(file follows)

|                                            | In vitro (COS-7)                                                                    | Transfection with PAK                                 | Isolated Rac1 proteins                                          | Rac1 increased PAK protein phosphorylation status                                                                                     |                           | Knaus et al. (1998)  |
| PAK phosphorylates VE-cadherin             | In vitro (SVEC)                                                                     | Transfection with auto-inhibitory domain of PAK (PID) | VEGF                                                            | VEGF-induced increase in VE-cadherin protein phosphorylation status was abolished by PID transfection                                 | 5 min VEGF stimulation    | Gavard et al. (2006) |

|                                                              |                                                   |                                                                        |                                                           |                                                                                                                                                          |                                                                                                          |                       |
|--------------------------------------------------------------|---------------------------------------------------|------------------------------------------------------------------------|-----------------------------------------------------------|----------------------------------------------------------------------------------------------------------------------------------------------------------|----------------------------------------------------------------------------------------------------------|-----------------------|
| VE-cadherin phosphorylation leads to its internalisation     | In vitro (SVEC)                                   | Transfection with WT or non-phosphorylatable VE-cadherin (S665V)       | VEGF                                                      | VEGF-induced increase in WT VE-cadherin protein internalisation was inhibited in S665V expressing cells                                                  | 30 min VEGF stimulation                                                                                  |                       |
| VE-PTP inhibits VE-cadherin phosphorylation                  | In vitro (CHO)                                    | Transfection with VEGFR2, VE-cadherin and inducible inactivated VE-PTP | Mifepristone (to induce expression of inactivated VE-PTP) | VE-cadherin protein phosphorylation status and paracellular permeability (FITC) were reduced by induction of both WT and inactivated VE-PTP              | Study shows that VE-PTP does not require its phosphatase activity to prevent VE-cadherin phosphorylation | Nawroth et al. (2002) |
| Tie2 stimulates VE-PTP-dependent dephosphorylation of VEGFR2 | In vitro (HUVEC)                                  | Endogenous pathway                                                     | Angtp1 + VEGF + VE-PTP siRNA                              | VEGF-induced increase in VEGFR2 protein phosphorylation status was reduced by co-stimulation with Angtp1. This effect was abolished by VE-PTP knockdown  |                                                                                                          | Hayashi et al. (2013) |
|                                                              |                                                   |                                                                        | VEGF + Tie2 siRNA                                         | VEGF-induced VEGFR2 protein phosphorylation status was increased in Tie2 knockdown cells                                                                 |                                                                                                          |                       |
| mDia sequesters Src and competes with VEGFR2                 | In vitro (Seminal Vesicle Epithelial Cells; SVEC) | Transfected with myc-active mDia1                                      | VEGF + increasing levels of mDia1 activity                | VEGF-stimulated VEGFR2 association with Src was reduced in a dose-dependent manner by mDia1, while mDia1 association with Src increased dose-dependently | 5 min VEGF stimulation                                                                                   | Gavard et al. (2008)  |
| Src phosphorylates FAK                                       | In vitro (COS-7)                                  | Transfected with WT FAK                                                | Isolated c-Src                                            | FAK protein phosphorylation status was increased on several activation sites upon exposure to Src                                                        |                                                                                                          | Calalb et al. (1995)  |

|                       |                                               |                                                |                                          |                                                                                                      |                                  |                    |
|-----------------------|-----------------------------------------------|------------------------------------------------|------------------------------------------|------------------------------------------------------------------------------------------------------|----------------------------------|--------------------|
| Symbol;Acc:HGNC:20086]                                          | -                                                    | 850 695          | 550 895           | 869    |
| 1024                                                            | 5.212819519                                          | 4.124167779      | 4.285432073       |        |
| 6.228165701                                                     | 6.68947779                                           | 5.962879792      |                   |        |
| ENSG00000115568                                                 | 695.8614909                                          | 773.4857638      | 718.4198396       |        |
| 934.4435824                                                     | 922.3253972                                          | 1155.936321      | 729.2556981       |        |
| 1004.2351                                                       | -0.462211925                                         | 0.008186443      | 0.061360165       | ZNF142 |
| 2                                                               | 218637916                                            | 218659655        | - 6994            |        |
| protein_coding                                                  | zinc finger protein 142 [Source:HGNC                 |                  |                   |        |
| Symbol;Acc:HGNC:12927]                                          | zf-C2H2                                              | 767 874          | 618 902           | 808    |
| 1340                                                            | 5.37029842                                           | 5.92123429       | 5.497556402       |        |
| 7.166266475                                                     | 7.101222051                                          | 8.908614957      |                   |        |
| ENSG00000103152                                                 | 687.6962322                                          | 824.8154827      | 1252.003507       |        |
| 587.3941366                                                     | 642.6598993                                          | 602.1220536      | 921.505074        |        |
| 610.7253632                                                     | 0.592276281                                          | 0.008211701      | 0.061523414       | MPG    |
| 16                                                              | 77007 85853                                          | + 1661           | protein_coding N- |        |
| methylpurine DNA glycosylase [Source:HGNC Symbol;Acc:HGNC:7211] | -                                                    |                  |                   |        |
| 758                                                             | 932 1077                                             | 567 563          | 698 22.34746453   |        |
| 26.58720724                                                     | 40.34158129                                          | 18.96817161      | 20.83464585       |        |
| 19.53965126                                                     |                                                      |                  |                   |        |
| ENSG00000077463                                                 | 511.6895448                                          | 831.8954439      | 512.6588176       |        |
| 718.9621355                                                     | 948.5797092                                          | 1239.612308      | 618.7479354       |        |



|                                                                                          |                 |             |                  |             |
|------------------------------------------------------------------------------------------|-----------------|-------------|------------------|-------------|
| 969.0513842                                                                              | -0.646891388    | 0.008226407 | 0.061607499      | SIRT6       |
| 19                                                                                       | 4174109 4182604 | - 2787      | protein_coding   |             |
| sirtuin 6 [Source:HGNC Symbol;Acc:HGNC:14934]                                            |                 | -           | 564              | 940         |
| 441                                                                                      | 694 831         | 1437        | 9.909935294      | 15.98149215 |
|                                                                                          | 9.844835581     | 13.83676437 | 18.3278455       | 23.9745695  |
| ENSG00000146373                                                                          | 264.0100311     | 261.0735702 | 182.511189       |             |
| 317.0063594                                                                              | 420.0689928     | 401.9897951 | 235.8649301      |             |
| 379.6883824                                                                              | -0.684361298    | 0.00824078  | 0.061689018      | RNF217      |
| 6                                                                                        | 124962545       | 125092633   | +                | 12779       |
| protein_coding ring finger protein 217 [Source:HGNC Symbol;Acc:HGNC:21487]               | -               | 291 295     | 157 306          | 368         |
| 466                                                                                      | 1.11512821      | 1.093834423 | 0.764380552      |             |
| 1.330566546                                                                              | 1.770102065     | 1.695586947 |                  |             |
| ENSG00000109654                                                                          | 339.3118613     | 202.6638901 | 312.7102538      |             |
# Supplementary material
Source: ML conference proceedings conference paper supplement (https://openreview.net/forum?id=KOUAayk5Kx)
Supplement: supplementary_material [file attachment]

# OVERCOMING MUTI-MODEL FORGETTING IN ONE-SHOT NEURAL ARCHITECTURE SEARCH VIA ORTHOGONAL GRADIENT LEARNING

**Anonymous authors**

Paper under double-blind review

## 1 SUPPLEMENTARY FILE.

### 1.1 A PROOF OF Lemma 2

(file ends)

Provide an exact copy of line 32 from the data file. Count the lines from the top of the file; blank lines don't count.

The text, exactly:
| ENSG00000077463                                                 | 511.6895448                                          | 831.8954439      | 512.6588176       |        |